EDITOR: How often do you take inventory?
SMITH: We inventory once a year, though weve done some preliminary inventories just to gauge if some of the programs and processes that weve put in place are working. We did a few back in our first and second quarter last year. We saw some wins, but also identified some opportunities weve been able to address, especially those tied to opening up new stores. Weve seen a lot of traction with the key performance indicators that typically tell us that shrink is moving in the right direction.

EDITOR: Have you established any special interest type of programs for those stores that are tracking higher in inventory losses?
SMITH: We do have some specialized auditswe call them interventionsfor those stores that reach a certain threshold of high shrink. I have a specialized group that does key work around investigations for those stores. Well send them into those stores, complete a very comprehensive audit, and make sure that we have a good plan for that store to course correct. We also have a corporate shrink training class. Once a quarter, we bring everyone to a central location to teach those store managers, market managers, and AP leaders the basic tenants around shrink. We try to keep it aligned with the programs we already have going, because typically when we have a struggling store, its not about deciding if we need to run a different play; its about making sure they are clear on how to execute whats already in place.

Gary Smith Walmart's Neighborhood Market Grocery Business Image 2

EDITOR: You mentioned key performance indicators. What are the components of your KPI program and how do you use them?
SMITH: The key components are around inventory. But the biggest correlator for us when it comes to overall retail shrink performance has been inventory growth. Another KPI that we focused a lot on in the recent quarter has been customer availability. Its a bit more sophisticated than some hard numbers that you can just pull from a financial and profitability index. It gives us a ratio of which items in the store are not maximizing sales throughout the trended time frames, which helps to understand why those items are not generating the sales they should be. Then obviously there is the theft aspect, for both internal and external cases.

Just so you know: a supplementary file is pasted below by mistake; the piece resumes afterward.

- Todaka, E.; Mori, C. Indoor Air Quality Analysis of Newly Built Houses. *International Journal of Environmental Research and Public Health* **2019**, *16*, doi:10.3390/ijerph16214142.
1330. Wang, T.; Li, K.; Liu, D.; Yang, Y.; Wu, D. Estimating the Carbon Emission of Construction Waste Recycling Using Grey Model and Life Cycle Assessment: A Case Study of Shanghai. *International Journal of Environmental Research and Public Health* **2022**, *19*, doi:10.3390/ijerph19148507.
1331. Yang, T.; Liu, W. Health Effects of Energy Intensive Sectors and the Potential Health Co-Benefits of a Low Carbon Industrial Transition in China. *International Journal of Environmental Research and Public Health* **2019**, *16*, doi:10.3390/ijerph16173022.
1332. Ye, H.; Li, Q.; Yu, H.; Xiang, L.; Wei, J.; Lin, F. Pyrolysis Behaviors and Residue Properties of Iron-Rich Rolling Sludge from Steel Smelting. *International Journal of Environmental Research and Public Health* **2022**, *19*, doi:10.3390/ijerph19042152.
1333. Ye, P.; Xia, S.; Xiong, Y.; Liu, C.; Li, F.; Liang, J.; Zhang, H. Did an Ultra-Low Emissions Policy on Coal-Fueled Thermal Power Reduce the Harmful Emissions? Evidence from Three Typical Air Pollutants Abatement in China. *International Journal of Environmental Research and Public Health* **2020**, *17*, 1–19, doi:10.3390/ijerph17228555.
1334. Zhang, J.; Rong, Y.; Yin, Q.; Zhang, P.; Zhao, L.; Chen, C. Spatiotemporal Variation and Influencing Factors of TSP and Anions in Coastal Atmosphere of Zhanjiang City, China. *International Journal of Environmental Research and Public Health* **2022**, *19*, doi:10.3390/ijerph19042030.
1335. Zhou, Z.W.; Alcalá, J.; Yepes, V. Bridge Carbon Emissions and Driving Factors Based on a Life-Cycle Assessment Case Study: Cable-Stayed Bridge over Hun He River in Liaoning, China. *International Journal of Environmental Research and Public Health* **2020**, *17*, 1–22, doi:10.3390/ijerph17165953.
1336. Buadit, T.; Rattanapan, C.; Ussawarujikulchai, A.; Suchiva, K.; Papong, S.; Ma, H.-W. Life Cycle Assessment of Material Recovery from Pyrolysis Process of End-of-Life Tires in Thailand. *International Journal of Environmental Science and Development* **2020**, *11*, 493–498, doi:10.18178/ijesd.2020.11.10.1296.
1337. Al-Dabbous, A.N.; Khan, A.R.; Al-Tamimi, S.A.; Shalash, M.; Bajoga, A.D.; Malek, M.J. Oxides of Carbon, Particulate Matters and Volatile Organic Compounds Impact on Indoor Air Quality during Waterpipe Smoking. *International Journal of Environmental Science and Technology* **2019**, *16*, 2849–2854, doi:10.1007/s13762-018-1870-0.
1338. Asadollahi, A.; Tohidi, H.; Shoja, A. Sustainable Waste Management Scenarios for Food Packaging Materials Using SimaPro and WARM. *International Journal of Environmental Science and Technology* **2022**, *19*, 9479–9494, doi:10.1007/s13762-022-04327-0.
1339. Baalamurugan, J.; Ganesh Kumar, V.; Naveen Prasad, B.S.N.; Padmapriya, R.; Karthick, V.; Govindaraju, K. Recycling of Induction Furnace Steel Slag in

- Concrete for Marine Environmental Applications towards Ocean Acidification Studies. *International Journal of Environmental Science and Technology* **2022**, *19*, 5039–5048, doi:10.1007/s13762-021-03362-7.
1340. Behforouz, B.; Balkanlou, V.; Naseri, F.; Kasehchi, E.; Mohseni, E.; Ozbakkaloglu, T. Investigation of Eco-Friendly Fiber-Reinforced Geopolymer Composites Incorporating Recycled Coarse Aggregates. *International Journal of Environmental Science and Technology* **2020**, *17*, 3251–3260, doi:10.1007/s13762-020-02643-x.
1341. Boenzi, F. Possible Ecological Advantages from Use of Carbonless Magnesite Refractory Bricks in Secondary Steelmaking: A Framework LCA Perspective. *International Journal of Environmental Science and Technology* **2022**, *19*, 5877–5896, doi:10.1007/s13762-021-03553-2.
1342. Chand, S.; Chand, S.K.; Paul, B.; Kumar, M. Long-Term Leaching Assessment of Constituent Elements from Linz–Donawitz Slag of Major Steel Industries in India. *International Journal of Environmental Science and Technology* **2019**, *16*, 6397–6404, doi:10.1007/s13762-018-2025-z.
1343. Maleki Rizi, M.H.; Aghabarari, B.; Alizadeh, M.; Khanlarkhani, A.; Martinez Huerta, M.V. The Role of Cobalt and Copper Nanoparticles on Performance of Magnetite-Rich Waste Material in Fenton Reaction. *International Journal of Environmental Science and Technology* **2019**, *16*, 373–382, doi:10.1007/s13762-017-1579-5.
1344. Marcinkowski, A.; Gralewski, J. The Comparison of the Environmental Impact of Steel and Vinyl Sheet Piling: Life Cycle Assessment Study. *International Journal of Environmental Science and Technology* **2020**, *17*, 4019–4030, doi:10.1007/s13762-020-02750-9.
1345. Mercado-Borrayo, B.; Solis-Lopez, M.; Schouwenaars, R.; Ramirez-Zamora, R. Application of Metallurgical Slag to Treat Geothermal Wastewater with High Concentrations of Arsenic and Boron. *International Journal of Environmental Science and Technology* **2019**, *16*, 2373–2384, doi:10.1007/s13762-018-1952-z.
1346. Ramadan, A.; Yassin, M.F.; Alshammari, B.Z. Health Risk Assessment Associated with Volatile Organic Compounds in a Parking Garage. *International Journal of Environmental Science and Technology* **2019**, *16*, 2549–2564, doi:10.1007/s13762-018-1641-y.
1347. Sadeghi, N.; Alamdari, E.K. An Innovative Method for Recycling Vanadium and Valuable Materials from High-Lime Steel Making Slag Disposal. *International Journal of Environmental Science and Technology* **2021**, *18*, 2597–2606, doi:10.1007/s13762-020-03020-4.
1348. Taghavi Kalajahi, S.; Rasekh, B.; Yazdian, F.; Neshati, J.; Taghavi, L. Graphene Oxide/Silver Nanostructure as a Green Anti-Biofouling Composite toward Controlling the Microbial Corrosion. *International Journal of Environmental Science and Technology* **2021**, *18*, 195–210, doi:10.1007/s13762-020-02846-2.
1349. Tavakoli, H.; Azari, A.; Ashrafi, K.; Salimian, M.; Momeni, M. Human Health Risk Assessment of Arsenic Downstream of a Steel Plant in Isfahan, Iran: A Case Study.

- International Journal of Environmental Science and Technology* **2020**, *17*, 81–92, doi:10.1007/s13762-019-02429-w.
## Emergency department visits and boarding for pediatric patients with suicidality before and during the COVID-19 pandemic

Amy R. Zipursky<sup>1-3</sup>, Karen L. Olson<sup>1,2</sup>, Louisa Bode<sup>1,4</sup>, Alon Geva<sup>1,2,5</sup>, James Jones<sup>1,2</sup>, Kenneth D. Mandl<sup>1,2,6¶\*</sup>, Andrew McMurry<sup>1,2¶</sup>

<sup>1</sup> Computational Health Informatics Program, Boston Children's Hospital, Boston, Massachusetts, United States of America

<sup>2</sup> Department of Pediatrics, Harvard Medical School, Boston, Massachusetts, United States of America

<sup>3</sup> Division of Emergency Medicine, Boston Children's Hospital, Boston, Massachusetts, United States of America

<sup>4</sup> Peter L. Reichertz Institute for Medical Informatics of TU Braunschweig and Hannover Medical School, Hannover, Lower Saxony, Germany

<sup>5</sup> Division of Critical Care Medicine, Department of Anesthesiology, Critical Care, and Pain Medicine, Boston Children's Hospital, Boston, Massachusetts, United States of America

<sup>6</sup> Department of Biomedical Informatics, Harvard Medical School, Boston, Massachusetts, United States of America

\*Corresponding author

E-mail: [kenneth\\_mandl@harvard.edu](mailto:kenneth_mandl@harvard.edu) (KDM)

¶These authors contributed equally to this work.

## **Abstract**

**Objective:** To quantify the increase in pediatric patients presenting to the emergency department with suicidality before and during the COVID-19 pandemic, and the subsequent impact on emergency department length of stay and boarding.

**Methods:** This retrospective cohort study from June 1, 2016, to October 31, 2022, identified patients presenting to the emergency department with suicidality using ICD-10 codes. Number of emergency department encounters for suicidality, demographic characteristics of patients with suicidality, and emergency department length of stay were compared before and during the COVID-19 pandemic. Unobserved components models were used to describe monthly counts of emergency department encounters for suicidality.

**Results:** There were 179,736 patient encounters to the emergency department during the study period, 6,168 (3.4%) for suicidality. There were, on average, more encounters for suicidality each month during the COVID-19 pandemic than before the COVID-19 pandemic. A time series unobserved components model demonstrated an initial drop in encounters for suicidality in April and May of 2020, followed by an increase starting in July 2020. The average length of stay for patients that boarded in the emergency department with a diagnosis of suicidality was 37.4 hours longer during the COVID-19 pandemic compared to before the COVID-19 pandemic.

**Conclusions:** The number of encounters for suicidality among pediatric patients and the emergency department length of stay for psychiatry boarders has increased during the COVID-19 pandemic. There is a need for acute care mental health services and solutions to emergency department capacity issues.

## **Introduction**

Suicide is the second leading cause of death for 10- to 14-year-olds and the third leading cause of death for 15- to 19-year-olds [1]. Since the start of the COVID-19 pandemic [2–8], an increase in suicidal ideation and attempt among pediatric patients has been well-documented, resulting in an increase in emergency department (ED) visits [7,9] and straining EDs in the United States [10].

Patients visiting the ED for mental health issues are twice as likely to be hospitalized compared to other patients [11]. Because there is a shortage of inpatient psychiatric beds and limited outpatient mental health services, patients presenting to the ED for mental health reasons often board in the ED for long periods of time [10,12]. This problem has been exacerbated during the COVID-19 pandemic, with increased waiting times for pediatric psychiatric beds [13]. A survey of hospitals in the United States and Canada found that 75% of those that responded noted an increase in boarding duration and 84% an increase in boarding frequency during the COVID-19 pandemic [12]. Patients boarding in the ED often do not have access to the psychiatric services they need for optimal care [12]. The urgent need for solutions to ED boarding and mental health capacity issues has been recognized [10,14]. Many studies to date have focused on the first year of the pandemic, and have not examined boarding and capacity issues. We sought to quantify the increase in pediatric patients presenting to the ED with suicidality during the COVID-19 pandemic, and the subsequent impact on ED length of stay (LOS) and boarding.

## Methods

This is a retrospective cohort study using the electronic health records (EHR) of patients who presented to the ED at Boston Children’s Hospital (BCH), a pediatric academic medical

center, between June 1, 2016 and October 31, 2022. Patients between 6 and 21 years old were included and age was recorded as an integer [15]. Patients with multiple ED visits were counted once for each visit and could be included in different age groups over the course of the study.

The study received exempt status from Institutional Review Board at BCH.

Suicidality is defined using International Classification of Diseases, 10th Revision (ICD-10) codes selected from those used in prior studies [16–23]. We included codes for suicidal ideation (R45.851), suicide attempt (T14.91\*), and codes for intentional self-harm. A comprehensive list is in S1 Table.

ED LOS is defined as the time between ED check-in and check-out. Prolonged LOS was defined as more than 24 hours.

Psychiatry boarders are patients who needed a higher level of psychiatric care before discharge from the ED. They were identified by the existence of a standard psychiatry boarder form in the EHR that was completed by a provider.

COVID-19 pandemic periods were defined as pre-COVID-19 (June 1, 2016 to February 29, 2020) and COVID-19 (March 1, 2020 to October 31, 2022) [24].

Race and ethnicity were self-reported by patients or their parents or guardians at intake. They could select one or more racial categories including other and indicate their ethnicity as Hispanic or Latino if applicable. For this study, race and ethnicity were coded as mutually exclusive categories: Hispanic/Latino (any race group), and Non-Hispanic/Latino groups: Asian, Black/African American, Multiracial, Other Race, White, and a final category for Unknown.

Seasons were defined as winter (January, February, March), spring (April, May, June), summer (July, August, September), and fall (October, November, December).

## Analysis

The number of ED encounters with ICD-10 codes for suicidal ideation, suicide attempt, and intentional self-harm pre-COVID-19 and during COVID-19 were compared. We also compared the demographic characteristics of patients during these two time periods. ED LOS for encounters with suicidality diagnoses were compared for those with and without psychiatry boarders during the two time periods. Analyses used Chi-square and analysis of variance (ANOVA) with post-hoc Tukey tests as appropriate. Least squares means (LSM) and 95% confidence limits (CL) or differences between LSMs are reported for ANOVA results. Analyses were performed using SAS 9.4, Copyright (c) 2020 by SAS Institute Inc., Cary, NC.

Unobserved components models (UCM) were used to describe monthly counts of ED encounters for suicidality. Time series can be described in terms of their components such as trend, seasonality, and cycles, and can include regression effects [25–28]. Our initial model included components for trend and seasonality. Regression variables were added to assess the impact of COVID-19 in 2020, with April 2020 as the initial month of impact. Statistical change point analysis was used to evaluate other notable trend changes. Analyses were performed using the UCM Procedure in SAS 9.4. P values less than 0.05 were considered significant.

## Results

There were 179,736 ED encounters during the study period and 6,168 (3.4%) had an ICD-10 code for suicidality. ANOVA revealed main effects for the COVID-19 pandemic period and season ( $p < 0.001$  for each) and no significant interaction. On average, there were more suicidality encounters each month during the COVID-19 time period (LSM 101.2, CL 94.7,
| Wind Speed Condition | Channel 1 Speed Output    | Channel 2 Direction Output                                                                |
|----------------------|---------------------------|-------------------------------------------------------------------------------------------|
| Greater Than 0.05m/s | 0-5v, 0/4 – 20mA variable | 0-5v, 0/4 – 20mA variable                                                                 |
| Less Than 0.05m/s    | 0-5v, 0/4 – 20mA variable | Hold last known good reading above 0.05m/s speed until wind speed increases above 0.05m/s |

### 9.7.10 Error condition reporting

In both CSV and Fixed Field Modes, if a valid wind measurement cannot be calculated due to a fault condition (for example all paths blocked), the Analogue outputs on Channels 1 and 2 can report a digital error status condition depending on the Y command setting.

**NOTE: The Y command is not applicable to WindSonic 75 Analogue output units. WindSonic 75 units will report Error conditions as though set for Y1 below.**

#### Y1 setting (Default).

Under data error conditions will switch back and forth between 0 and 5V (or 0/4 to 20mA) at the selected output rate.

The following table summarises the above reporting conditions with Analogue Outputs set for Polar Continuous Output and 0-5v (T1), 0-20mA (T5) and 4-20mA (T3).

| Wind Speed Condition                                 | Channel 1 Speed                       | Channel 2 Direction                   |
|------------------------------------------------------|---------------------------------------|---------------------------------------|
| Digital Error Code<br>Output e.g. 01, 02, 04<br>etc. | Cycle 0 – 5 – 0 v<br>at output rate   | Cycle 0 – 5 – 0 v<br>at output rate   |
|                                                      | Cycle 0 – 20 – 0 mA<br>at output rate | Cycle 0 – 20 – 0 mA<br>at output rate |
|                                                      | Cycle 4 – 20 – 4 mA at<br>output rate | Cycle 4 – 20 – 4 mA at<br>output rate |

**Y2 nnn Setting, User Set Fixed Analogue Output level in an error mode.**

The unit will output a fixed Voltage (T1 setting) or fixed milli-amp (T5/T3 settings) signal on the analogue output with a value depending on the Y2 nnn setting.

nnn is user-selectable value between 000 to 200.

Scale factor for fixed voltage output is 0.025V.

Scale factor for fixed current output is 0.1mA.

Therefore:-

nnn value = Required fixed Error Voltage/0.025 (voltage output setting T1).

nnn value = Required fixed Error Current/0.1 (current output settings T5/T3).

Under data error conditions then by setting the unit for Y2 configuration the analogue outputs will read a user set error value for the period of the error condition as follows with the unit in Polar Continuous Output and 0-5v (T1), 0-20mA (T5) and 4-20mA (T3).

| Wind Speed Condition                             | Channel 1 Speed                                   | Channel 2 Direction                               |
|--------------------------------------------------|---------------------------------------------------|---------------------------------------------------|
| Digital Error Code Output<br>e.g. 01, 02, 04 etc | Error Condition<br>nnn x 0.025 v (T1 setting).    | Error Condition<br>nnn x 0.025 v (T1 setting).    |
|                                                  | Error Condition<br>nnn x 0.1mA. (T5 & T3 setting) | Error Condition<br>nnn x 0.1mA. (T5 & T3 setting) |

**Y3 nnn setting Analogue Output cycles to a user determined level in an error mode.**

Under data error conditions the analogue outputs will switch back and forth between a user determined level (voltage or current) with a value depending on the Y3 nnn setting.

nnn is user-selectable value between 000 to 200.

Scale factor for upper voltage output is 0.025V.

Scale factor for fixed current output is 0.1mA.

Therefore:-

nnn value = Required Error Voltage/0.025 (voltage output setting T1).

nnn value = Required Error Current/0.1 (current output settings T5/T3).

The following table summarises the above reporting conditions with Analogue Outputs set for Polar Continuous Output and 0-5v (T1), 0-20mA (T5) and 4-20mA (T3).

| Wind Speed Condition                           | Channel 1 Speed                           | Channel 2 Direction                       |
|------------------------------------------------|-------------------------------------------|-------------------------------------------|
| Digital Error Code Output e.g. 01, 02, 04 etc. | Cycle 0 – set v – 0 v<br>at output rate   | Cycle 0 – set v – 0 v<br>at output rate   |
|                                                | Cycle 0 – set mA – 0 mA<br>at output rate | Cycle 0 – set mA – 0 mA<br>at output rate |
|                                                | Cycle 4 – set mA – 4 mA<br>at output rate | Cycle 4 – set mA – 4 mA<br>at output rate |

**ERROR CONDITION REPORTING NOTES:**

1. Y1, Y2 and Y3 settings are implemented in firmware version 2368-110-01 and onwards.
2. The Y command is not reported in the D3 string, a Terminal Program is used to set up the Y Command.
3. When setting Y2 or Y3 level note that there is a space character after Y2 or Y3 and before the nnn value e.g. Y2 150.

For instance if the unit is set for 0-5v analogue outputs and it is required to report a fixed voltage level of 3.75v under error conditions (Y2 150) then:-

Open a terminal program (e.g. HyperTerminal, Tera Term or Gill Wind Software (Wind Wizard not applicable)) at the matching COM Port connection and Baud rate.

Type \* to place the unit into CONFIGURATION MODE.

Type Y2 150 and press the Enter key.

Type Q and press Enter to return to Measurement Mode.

EDITOR: How do you sense the balances between internal and external issues?
SMITH: Its really regionalized, to tell you the truth. If Im in a more rural area, just like any other industry, I tend to have less external and more internal. If Im in a more metro or urbanized environment, its more external versus internal. So we tier our stores based on their shrink performance, based on their crime-index scores, and based on some of those historic case data points. Then as we open new stores, we can predict which of them are going to be our opportunity stores, and we make sure we align our resources around those stores. When we launched a dedicated AP team for Neighborhood Markets, our internal cases grew exponentially. Weve since seen it start to taper down as we drive controls, programs, and more aligned store leadership that create a deterrence factor.

EDITOR: Which types of product do you tend to have the most problems with from a shoplifting point of view?
SMITH: Meat has been a big opportunity for us and one that was surprising to me coming from outside grocery. We see large cart push-outs of meatnot just one or two units. Weve also had a lot of issues in beauty. Weve seen issues with the Tide pods in chemicals. Weve had your traditional razor cartridges. Our key areas have been mixed in higher than I would have expected coming into this business.